doi:10.1101/372516 fatcat:argpynu4hvbrnblpg2crry23my

Social information use shapes the coevolution of sociality and virulence [article]

Ben Ashby, Damien R Farine
2020 bioRxiv   pre-print
A potential reason for the lack of mixed social strategies in current theoretical studies is that they do not include assortative mixing (Farine 2014) .  ...  non-gregarious species or those that form pair bonds) while others have a greater number of interactions that may be more transient (e.g. herding behaviour or roaming individuals) (Couzin 2006; Silk et al. 2014; Farine  ... 
doi:10.1101/2020.10.02.323451 fatcat:t4gaocqlqjguxowz32aar2a6bm

Animal behavior facilitates eco-evolutionary dynamics [article]

Kiyoko M. Gotanda, Damien R. Farine, Claudius F. Kratochwil, Kate L. Laskowski, Pierre-Olivier Montiglio
2019 arXiv   pre-print
The mechanisms underlying eco-evolutionary dynamics (the feedback between ecological and evolutionary processes) are often unknown. Here, we propose that classical theory from behavioral ecology can provide a greater understanding of the mechanisms underlying eco-evolutionary dynamics, and thus improve predictions about the outcomes of these dynamics.
arXiv:1912.09505v1 fatcat:4ytgthe2brephoimkxooxs2ply

Social bet-hedging in vampire bats

Gerald G. Carter, Damien R. Farine, Gerald S. Wilkinson
2017 Biology Letters  
Helping kin or nonkin can provide direct fitness benefits, but helping kin also benefits indirect fitness. Why then should organisms invest in cooperative partnerships with nonkin, if kin relationships are available and more beneficial? One explanation is that a kin-limited support network is too small and risky. Even if additional weaker partnerships reduce immediate net cooperative returns, individuals extending cooperation to nonkin can maintain a larger social network which reduces the
more » ... tial costs associated with losing a primary cooperation partner. Just as financial or evolutionary bethedging strategies can reduce risk, investing in quantity of social relationships at the expense of relationship quality ('social bet-hedging') can reduce the risks posed by unpredictable social environments. Here, we provide evidence for social bet-hedging in food-sharing vampire bats. When we experimentally removed a key food-sharing partner, females that previously fed a greater number of unrelated females suffered a smaller reduction in food received. Females that invested in more nonkin bonds did not do better under normal conditions, but they coped better with partner loss. Hence, loss of a key partner revealed the importance of weaker nonkin bonds. Social bet-hedging can have important implications for social network structure by influencing how individuals form relationships.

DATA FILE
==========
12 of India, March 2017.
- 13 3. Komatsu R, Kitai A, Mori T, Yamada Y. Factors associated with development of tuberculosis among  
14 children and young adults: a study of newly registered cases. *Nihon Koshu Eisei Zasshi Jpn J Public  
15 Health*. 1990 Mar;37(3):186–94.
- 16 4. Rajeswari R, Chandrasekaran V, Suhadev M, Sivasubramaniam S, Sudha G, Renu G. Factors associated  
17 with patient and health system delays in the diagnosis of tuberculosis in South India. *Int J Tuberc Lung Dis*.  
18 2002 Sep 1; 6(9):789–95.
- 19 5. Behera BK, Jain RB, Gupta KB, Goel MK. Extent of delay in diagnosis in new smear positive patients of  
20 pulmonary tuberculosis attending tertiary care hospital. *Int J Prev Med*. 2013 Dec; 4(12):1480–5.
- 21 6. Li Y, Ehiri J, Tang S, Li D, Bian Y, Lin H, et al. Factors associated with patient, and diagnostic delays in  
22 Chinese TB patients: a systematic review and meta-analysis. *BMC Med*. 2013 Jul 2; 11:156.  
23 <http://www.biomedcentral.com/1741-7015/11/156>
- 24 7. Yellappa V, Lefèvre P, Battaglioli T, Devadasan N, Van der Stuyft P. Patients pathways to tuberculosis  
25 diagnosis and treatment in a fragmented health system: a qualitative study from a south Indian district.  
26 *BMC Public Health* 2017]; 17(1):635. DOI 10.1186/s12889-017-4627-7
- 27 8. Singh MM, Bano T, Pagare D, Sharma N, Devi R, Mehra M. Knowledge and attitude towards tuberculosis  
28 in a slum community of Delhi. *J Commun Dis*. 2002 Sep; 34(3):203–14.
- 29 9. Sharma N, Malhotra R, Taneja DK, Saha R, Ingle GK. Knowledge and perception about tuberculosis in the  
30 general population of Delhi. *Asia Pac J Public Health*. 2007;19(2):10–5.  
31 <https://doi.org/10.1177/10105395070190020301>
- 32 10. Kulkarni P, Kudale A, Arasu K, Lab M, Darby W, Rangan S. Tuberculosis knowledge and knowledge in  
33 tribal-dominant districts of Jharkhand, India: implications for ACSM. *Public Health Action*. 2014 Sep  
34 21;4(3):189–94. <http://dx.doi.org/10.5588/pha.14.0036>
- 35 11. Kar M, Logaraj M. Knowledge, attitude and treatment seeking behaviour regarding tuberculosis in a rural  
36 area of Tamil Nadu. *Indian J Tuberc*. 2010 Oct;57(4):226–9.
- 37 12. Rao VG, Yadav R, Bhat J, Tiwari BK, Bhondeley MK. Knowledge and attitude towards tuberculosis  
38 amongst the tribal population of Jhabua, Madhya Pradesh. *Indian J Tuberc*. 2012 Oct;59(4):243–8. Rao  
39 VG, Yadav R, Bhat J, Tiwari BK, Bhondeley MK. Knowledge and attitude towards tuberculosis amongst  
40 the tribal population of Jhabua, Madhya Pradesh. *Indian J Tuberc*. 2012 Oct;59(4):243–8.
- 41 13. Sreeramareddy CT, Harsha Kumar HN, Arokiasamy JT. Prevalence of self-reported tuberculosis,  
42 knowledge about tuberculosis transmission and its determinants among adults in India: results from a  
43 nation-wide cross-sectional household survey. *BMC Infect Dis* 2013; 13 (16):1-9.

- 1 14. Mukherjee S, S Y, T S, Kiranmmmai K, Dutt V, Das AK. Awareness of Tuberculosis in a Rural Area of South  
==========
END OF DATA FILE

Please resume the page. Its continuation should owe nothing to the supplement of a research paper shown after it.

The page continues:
doi:10.1098/rsbl.2017.0112 pmid:28539459 pmcid:PMC5454239 fatcat:44g7vb4jkrh3votthmmo3xjgzm

Costs dictate strategic investment in dominance interactions [article]

Tobit Dehnen, Danai Papageorgiou, Brendah Nyaguthii, Wismer Cherono, Julia Penndorf, Neeltje J. Boogert, Damien R Farine
2021 bioRxiv   pre-print
Vulturine guineafowl (Acryllium vulturinum) exhibit a range of aggressive (1-6) and submissive (7) (8) dyadic dominance interactions (see also Papageorgiou & Farine [33] Interaction categories: Three  ... 
doi:10.1101/2021.06.02.446695 fatcat:qedud3bwazastof66u6vwqccce

Beyond the dyad: uncovering higher-order structure within cohesive animal groups [article]

Federico Musciotto, Danai Papageorgiou, Federico Battiston, Damien R. Farine